Even inside. This is the spout on our galley sink which is piped to a saltwater foot pump. And to the cooling water discharge from our 12V refrigeration system, meaning that it has saltwater flowing out of it whenever the refrigeration compressor is running, as a telltail. Look closely at the inside of the right-hand bend... yup, the aluminum has corroded thru. I don't understand this... aluminum is supposed to be reasonably proof against saltwater. The pipe is clamped to the sink in a plastic fixture, and is connected below the sink via vinyl tubing... ruling out galvanic corrosion. The entire refrigeration system is 12V, so stray 110V current cannot be an issue. The compressor is powered by an external motor thru a V-belt.
The motor and compressor are mounted on the same metal plate, and there are some pressure switches to control the motor mounted on the compressor.
Is that enough to cause stray current corrosion, tho there is no direct connection between the refrigeration unit and the aluminum tubing except via the saltwater itself?
Or is the corrosion simply the result of flowing saltwater washing away the protective oxide layer on the inside of the aluminum tubing? I am very interested in what the net.wisdom has to say about this...
Regardless, this is the second spout that I have installed there, and they have gotten ridiculously expensive. I am not planning to buy a third one.
|Two pieces of 7/16" stainless tubing|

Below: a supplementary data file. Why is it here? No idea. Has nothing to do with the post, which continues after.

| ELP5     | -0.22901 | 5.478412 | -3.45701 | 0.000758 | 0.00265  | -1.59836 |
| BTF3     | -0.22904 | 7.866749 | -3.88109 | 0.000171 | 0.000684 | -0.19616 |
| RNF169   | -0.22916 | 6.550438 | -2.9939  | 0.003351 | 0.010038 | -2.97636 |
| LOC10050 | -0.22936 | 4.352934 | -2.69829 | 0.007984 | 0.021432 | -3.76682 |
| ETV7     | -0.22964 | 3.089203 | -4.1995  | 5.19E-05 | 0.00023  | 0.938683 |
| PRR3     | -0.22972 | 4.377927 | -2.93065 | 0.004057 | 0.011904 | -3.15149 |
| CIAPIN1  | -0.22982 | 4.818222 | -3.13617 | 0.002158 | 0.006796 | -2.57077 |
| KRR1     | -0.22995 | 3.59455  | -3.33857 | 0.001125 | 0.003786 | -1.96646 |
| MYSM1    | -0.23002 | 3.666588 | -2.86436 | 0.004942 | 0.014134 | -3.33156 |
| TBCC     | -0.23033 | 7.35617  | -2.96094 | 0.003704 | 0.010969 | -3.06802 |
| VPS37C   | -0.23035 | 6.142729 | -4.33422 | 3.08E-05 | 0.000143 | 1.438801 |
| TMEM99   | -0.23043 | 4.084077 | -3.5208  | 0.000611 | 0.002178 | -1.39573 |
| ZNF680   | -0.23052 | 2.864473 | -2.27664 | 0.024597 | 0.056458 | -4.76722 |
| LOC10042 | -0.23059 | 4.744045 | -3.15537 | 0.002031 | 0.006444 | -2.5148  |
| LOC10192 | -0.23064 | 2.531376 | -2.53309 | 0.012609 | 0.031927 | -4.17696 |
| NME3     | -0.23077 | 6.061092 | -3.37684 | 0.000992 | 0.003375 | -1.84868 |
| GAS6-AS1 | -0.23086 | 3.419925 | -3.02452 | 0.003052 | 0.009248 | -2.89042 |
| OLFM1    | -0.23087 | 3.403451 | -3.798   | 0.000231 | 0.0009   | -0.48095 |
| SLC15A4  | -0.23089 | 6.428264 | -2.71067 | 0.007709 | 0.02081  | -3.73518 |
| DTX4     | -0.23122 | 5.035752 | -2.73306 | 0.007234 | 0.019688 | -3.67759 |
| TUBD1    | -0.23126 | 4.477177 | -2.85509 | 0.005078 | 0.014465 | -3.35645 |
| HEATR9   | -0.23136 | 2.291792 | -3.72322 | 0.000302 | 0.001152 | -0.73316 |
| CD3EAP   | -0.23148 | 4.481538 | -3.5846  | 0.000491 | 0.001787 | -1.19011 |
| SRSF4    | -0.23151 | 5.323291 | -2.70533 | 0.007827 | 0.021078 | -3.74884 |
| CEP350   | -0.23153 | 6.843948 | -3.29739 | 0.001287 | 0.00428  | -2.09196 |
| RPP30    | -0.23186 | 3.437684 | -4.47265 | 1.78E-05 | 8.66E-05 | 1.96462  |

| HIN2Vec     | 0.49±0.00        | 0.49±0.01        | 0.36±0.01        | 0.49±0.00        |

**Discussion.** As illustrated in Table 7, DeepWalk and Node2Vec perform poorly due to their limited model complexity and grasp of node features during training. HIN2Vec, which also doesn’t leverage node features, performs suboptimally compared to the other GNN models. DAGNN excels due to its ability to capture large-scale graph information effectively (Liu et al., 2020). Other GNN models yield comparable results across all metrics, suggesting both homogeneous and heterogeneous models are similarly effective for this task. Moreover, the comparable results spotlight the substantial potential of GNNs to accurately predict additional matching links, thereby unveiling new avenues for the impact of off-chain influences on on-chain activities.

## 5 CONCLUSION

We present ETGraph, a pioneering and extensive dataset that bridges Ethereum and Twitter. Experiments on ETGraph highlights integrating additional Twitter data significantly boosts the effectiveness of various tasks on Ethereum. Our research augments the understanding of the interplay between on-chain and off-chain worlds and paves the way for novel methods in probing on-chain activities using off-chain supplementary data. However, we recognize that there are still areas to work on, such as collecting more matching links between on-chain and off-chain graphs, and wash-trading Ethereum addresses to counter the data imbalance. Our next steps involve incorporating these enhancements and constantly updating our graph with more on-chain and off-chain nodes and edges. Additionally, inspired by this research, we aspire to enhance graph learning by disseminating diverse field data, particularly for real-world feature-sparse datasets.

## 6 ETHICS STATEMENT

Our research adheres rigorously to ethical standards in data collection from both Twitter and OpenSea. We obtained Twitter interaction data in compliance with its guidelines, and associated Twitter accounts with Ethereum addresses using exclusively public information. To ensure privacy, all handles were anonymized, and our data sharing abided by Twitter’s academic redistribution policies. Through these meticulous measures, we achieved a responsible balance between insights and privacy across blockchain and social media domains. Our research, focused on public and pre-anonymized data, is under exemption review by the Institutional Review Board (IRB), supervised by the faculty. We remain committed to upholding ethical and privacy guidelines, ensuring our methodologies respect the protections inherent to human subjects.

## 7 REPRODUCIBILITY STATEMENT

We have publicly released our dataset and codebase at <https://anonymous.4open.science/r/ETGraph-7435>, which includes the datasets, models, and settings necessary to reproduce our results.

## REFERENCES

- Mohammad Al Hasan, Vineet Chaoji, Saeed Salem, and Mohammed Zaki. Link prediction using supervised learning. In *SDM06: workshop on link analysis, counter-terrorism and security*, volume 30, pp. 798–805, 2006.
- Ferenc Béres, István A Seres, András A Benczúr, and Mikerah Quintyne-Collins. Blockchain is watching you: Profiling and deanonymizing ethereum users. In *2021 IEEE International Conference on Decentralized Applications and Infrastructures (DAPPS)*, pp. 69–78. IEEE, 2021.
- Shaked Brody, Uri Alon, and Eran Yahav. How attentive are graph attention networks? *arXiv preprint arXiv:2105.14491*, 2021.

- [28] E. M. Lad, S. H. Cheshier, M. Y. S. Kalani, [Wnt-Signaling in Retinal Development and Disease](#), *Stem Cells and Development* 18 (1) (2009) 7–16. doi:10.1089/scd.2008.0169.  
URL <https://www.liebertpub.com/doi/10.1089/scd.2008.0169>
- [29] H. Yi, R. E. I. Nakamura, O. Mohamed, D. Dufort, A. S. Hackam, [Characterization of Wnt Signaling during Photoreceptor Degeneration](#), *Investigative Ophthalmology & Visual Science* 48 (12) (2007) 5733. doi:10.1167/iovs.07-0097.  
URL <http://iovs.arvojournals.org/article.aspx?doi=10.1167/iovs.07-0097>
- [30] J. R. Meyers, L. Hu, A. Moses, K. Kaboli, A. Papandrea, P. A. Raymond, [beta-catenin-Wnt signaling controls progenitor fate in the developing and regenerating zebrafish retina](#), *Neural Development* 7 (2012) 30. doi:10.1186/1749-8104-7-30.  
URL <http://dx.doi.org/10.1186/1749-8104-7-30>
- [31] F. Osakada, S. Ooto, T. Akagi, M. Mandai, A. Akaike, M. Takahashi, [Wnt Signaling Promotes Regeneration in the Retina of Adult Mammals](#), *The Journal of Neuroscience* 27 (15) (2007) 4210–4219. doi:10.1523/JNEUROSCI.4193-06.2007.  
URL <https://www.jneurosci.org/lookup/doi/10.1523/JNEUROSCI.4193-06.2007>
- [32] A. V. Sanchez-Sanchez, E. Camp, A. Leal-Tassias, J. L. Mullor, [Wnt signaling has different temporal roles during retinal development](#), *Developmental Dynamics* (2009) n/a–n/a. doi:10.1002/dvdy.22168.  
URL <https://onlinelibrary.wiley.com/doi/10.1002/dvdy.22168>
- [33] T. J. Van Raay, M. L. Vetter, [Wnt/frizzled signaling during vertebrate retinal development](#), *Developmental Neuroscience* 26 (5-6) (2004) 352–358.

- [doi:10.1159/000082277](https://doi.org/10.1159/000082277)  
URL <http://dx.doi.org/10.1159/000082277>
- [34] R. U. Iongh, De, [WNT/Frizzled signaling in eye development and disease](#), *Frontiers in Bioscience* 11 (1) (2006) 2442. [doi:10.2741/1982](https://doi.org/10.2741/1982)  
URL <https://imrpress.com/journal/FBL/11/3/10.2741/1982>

OK, a Plan B is needed.
It is also possible to prevent collapse/kinking if the tubing is filled solidly with something incompressible. Apparently some people have used ice (fill with water; freeze), but I was concerned that I'd never get the tubing bent before the ice started to melt. This is where Wood's metal comes in.
|This is Wood's metal - it is a eutectic alloy of 50% bismuth, 26.7% lead, 13.3% tin, and 10% cadmium by weight. It melts at 158°F|
|Wood's metal foundry|
For a foundry, I purpose-bought a can of tomato paste (69¢), and froze the tomato paste, retaining the can - just the right size. I put it in a pan with some water and brought the water to a boil - 212°F, or about 50° of superheat. I then poured the molten metal into the tubing (I had previously blocked one end of the tubing by pushing it into a wine cork - we seem to have plenty of these). I then immediately plunged the filled tubing into a container of cold water - I had read that quenching creates a fine crystal structure in the Wood's metal, making it more ductile (read: easier to bend).
OK, now to bend. I created a bending jig and lag-bolted it to a 4x4 in our shed:
|Homemade bending jig|
Yup, it bent just fine - no kinking, no collapse.
|Recovering the Wood's metal|
And since our galley sink has two of these spouts (one for salt water and one for fresh water, foot-pumped from the tanks), I made another spout. Gotta be symmetrical, don't you know.
(Clever camera angle conceals dirty dishes in the sink)